the scientific study of the mind, mental processes, mental structures
why do we study cognitive psychology?
implications for other fields
the extent to which a controled lab experiment can reflect what happens in real life.
sensation and perception
pick up information and interpreting the information.
everything sensed is perceived as a more meaningful/whole pattern.
taking what's in the sensory store and interpreting it by matching it to something that's already known.
consciously focusing on some information.
interested in the formation of new associations/memories
time to learn at stage 1-time to learn at stage 2
takes less time to learn something you've already learned even if forgotten
models of memory
wax tablet, file cabinet, computer, ring a bell, food for thought-Plato cow's digestion, exremental forgetting
whatever is n your consciousness at this moment.
long term memory, relatively permanent
information processing model/modal model
Atkinson and Shiffrin Model
sensory goes to STM goes to LTM
LTM can be recalled into STM
how information flows through the memory system
transfer of info from STM to LTM.
being able to being a memory back up.
tip of the tongue
when you can't think of something you know its b/c you're only retrieving part of the memory.
serial position effects
first and last items of a list are rehearsed and remembered better than the middle words in the list.
inability to store new information
H.M. in 1953 suffering from seizures, doctors removed his hippocampus
still had a recency effect but no priming effect
blocking out memories before a trauma.
people completely block out their whole past and don't know themselves.
raw info our senses pick up (light waves, sound).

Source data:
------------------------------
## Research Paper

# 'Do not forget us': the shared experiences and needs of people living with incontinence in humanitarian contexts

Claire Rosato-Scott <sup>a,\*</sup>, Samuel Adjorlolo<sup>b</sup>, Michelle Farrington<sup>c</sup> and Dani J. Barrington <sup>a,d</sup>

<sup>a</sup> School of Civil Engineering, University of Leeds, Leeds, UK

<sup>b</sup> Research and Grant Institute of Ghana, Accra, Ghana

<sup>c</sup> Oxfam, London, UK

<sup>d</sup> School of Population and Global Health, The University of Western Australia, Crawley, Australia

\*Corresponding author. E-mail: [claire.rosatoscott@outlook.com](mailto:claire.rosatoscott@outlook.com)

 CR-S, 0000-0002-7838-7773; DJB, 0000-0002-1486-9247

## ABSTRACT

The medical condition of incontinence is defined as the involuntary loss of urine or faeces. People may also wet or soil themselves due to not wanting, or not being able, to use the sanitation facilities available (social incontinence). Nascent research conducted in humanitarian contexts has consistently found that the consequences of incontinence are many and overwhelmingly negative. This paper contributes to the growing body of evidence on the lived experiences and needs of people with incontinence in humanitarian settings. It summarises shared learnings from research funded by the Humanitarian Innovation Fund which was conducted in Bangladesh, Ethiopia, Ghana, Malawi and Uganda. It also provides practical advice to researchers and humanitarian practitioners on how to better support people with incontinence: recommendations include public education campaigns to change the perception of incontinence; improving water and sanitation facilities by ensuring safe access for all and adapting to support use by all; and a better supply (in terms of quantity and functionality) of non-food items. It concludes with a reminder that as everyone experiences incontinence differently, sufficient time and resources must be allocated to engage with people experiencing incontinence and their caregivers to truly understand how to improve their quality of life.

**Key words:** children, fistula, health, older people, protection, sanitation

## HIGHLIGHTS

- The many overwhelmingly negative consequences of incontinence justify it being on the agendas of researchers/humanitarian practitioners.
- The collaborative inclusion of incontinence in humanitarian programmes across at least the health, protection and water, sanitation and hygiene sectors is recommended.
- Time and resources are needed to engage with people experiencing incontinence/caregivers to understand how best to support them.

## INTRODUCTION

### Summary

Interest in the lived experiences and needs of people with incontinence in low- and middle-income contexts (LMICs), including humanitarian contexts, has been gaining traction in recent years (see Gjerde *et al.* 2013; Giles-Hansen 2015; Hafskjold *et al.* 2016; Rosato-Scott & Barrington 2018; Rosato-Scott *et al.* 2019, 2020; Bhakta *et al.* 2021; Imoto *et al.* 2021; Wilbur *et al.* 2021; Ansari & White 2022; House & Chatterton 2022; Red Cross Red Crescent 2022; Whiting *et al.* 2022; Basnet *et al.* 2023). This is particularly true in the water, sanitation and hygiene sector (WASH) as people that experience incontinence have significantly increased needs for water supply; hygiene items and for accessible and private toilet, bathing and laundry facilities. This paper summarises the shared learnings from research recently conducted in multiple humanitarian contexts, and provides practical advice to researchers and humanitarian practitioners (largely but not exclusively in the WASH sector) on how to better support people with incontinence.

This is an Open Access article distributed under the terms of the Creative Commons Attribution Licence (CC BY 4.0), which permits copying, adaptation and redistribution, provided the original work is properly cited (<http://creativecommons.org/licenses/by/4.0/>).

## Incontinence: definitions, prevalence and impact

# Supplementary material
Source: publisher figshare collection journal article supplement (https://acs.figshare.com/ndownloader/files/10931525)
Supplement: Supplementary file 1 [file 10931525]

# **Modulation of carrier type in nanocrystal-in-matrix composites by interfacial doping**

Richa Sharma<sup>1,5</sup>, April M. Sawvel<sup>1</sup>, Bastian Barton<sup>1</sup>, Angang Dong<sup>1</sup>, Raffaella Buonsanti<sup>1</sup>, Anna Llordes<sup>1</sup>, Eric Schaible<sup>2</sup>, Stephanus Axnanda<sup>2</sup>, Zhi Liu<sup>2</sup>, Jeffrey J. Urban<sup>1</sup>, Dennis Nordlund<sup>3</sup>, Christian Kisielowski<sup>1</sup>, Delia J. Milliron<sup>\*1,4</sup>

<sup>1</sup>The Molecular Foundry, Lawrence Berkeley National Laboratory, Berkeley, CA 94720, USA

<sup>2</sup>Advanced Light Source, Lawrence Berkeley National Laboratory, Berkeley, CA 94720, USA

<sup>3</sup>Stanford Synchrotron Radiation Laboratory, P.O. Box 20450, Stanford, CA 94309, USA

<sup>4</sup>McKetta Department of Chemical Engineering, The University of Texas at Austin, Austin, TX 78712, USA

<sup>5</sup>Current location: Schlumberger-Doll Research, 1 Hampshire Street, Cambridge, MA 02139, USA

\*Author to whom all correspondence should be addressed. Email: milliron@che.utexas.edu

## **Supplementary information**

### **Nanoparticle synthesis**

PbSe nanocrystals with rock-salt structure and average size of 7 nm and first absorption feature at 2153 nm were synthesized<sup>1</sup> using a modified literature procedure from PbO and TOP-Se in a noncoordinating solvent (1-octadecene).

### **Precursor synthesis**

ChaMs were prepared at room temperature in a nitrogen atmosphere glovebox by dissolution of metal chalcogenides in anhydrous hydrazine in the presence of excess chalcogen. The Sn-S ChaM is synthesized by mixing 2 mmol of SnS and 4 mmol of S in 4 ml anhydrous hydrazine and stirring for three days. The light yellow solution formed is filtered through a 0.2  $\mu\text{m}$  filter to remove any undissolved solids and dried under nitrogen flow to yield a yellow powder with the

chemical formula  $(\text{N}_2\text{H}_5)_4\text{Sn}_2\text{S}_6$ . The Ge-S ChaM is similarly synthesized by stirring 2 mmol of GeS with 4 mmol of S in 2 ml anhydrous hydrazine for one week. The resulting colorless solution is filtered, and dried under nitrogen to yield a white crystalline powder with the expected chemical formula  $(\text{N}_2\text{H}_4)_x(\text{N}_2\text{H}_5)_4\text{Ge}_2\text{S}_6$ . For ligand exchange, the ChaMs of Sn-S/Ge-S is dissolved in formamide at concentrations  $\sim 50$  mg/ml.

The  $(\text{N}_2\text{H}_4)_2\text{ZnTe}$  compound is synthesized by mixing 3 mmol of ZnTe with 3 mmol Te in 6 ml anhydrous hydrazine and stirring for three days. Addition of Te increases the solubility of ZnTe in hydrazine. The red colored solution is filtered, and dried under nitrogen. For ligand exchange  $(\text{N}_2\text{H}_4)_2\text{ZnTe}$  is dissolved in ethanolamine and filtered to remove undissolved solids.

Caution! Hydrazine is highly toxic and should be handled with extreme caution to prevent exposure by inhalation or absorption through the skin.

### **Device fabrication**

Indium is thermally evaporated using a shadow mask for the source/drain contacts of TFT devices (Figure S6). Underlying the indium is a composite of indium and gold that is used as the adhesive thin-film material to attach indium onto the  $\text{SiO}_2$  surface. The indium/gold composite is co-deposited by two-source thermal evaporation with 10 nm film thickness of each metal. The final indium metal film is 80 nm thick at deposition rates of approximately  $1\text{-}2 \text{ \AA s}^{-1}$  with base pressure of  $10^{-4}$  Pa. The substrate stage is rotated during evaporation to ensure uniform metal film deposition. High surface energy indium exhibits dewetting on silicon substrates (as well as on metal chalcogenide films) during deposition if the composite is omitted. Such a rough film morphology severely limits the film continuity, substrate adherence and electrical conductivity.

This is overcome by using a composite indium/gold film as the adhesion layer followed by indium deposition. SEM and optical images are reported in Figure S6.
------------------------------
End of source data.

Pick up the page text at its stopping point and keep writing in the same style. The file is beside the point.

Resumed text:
raw energy converted into neural signals sent to the brain (electrical activity).
sensory stores - Iconic/Echoic storage
holds on to sensory impressions.
characteristics of sensory memory
brief period of time
real/accurate memory that reflects the ting that was seen/heard.
Sperling's memory work
demonstrates the capacity and duration of storage
by flashing lines of letters able to determine that all the letter made it into sensory memory and that it lasted about 250 ms or less
erasing the info off sensory memory
presented letter and later a visual cue to recall the letters
when putting a line under where the letters were vs a circle people could recall better with the lines
circle erased the letter and took its place
stem from differences in ability to assign meaning to things
three-eared man experiments
wearing headphones - 3 numbers delivered to right ear, left ear, and both ears
later given a cue to recall from one ear and people were able to do it which indicated that all the info had entered echoic memory
the last items in a list are recalled better if list is presented in audio fashion.
reading + saying > just reading
when read a list the last word was erased from memory when another word was read as a cue vs a buzzer
when we see an object, we don't see its parts but the whole
theories of object recognition
template matching theory
template matching theory
type of mental record, internal pattern stored in LTM
intermediate step b/t seeing somethign and identifying it.
object represented by sets of simple features
bottom up processing
processing driven by the stimulus pattern
deciphering whole object from its parts first
top down processing
expecting to see something can make you perceive the whole object first without using its parts to decipher it at the beginning
(proof reading papers)
word superiority effect
letters in the context of words are easier to detect than non words
will recognize a letter is in an actual word faster than if its in a set of letters thats not a word
harder to recognize professors outside of class when you only see them in one context.
phoneme restoration effect
recorded sentence is played and in it one phoneme is replaced with white noise
allows us to reconstruct sounds that are overshadowed by other sounds